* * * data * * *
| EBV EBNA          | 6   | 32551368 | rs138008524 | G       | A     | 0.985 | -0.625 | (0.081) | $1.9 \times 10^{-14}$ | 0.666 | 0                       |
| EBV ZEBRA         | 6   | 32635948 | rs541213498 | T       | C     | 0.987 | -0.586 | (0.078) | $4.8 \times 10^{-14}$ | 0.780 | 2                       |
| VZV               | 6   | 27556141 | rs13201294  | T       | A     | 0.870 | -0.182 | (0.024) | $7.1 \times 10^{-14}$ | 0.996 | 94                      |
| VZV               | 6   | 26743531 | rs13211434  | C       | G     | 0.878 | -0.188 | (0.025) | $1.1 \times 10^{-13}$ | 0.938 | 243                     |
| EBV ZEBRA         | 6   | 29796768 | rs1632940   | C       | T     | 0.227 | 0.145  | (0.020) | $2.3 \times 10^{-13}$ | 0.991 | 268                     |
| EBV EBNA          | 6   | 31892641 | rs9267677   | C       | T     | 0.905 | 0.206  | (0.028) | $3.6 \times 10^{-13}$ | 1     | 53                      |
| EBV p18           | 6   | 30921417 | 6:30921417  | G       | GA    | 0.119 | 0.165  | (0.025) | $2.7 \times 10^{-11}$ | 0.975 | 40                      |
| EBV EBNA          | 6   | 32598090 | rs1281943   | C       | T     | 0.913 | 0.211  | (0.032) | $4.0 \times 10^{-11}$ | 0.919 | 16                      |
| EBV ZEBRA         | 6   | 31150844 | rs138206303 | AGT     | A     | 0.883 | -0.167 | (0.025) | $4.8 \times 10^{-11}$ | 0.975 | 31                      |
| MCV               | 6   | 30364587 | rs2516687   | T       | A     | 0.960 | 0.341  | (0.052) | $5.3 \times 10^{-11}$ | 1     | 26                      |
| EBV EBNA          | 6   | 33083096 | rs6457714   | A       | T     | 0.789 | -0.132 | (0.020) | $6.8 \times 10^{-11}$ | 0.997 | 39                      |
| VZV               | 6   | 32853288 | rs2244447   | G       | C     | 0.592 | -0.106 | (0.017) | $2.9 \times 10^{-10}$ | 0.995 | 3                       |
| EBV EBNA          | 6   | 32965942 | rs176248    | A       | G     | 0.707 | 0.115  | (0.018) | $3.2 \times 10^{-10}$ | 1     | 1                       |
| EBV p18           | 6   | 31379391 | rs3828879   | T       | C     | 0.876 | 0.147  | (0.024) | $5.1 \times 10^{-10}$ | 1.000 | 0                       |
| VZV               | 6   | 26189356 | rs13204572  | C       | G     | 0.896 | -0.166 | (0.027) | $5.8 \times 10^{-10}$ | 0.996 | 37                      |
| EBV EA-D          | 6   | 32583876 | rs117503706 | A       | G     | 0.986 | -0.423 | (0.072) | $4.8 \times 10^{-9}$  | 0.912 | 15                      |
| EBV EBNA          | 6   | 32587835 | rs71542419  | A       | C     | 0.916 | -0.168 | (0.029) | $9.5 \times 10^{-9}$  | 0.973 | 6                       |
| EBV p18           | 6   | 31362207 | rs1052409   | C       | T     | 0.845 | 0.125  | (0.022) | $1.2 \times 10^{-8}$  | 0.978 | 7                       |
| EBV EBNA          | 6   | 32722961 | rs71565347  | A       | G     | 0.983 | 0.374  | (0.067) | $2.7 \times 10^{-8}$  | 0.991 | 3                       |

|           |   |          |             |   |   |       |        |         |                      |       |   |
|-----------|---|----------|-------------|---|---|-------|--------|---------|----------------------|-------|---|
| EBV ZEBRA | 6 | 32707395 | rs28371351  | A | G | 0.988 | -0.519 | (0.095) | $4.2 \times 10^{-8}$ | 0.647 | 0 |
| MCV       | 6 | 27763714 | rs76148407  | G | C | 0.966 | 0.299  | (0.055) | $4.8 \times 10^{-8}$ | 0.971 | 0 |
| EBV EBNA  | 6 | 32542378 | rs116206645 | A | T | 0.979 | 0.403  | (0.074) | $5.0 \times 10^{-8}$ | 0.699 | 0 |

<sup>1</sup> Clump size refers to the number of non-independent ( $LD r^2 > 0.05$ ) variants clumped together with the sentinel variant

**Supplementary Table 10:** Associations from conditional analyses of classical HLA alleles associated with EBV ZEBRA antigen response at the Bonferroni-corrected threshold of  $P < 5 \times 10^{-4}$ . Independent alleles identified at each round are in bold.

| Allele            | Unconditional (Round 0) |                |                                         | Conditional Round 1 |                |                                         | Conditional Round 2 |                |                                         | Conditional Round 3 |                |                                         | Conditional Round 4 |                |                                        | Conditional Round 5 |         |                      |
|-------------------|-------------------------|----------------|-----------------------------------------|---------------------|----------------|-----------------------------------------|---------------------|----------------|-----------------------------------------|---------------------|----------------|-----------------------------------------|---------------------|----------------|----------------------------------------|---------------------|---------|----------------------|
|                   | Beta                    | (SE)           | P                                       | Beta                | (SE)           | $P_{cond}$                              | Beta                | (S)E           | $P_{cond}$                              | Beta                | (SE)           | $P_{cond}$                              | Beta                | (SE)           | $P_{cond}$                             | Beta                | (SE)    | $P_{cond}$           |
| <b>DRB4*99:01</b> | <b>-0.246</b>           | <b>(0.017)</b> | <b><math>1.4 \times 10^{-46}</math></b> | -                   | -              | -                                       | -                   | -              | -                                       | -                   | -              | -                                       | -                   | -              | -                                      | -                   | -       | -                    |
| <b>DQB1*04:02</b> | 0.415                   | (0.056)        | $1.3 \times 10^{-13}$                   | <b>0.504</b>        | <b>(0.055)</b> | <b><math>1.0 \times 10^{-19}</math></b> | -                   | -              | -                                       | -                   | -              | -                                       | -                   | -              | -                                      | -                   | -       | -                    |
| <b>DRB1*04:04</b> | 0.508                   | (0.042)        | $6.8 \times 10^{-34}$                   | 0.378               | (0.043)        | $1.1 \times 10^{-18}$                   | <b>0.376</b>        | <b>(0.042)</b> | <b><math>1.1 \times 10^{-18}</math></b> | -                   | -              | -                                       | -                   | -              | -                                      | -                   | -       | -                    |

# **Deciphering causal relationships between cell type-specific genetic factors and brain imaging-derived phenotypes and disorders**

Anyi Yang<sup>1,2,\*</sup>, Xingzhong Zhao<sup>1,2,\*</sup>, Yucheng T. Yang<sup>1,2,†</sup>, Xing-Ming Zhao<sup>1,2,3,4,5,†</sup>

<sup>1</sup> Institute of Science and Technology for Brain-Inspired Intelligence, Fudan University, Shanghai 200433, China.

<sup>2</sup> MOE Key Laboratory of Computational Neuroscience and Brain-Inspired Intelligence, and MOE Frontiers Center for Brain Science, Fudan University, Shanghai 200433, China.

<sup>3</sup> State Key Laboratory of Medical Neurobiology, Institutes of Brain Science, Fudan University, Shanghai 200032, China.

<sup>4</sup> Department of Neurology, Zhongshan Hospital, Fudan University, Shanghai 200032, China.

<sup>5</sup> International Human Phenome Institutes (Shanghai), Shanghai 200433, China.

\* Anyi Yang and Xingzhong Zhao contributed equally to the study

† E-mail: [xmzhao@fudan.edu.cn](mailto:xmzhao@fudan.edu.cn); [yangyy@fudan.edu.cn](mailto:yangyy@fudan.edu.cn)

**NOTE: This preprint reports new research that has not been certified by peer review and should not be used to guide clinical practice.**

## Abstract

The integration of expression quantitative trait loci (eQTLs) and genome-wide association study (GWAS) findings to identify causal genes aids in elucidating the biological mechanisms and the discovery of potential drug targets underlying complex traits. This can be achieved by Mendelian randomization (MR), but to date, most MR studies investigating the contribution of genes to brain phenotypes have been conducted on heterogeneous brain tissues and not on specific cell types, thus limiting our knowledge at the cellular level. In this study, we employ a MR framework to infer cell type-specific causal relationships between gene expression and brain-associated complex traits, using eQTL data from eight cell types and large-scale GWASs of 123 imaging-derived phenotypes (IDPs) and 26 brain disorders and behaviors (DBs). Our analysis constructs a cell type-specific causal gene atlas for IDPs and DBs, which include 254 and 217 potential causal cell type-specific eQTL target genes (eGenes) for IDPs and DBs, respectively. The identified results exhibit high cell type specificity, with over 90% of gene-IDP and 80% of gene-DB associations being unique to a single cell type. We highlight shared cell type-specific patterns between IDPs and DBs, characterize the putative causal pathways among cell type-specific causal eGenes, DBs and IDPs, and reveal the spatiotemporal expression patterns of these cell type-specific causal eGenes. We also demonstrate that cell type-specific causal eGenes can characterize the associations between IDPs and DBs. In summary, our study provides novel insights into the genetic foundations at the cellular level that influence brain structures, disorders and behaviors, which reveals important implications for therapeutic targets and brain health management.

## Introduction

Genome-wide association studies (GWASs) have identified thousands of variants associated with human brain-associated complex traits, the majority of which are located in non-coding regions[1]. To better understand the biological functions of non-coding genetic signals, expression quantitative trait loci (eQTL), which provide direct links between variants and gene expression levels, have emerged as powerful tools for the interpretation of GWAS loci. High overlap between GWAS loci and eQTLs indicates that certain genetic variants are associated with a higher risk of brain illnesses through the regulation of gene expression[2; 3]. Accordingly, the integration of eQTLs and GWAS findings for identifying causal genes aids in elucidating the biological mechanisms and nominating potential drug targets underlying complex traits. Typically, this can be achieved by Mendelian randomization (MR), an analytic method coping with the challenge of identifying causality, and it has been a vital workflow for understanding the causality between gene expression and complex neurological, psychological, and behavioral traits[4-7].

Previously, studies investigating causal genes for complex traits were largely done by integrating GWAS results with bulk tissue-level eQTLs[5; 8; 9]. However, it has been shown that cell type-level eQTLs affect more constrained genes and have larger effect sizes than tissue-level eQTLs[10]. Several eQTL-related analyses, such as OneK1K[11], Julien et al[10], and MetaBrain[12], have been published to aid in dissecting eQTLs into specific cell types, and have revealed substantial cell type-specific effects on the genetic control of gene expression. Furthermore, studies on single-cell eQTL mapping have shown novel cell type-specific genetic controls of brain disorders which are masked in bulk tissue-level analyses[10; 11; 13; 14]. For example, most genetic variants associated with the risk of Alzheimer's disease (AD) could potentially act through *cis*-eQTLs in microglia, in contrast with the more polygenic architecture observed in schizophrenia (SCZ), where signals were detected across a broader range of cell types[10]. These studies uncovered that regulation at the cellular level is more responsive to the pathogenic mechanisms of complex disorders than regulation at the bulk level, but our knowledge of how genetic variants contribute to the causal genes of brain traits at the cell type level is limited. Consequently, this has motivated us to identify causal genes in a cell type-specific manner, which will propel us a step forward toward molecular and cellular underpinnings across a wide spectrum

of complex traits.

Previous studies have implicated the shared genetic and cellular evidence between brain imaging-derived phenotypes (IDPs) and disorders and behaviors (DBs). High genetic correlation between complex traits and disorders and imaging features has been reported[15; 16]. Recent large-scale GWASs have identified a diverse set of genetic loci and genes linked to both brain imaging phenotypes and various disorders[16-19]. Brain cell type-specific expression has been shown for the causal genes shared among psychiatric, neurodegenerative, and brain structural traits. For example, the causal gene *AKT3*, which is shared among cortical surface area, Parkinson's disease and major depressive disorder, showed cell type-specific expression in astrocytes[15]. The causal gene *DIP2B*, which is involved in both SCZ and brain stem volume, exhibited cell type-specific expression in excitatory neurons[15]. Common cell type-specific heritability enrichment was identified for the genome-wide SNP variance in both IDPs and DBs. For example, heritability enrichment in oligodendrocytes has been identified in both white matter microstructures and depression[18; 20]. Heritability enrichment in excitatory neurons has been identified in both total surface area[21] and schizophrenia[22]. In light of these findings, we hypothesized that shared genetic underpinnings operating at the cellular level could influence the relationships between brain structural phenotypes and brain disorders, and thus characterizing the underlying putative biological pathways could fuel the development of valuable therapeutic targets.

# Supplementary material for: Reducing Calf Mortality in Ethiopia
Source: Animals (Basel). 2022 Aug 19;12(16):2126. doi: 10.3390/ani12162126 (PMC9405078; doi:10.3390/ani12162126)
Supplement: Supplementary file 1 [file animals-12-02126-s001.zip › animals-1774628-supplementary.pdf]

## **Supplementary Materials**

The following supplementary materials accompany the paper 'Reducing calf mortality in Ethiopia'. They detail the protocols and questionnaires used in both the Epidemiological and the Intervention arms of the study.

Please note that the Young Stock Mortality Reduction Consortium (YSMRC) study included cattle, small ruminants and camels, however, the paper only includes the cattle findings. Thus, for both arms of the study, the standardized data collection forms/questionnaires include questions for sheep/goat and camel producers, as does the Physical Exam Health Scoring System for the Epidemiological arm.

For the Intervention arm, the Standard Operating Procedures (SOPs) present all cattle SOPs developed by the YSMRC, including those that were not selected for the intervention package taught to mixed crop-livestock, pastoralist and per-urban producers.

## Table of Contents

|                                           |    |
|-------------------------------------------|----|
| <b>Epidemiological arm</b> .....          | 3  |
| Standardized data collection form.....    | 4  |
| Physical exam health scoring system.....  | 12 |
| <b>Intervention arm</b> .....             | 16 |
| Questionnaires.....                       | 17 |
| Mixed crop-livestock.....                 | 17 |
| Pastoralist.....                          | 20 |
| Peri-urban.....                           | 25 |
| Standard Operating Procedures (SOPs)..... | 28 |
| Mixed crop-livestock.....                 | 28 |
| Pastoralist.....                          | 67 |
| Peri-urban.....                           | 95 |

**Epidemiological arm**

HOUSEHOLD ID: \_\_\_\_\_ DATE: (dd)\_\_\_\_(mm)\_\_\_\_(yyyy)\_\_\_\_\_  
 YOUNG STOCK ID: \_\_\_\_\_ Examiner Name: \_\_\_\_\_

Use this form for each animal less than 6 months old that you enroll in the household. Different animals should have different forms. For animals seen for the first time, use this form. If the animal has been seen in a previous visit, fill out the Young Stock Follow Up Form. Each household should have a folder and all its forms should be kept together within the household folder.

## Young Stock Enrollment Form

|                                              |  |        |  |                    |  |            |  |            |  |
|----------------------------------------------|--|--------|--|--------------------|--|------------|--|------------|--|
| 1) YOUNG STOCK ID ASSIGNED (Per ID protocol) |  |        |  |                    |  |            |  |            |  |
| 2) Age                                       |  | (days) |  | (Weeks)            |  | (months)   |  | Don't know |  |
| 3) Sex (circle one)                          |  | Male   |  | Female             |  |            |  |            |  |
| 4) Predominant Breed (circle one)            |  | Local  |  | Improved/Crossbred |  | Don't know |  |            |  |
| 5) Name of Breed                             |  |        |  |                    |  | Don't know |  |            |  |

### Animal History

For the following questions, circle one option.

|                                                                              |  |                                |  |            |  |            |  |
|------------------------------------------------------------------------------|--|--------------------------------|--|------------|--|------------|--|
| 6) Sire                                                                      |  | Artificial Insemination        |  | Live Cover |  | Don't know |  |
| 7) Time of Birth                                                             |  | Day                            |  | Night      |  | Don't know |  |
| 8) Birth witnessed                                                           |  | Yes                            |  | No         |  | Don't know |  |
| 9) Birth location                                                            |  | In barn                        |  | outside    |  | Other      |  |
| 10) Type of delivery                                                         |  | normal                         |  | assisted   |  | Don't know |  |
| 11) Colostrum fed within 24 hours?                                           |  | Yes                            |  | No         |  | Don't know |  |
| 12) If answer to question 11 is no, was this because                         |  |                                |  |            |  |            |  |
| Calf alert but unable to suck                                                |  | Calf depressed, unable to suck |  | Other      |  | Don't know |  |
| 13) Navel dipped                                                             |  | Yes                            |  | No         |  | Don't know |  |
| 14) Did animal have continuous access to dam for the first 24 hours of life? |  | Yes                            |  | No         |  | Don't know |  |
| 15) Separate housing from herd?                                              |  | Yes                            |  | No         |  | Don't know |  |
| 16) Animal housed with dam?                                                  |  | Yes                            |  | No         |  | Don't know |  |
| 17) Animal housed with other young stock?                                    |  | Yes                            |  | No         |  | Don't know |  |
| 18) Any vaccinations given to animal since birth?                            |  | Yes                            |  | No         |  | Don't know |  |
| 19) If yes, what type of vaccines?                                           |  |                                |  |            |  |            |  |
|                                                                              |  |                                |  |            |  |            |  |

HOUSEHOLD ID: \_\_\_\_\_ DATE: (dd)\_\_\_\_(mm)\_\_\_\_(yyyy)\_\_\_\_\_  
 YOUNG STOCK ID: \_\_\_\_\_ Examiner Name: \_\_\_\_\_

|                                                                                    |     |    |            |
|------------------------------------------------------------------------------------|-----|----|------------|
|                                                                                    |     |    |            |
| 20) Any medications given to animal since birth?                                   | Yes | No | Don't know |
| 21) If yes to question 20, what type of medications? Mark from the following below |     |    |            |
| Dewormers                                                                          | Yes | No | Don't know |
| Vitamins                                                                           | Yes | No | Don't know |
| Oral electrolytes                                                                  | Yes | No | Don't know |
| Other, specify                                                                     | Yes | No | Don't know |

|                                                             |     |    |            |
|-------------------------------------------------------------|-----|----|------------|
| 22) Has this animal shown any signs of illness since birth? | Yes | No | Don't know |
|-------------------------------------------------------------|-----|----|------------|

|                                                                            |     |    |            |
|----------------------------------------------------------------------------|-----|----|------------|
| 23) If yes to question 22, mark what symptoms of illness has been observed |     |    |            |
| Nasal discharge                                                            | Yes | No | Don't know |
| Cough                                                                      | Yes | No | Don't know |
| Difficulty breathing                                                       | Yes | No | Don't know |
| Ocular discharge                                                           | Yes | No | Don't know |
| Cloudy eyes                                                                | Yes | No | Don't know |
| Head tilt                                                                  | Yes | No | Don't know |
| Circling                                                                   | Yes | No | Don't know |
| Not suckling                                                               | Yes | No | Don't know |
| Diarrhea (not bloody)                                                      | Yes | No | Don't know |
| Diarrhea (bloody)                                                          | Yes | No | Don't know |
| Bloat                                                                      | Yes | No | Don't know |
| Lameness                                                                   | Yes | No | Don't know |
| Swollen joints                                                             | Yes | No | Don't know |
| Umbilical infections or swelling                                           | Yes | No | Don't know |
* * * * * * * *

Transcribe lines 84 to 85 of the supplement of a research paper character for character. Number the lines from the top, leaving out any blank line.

### Animal History

For the following questions, circle one option.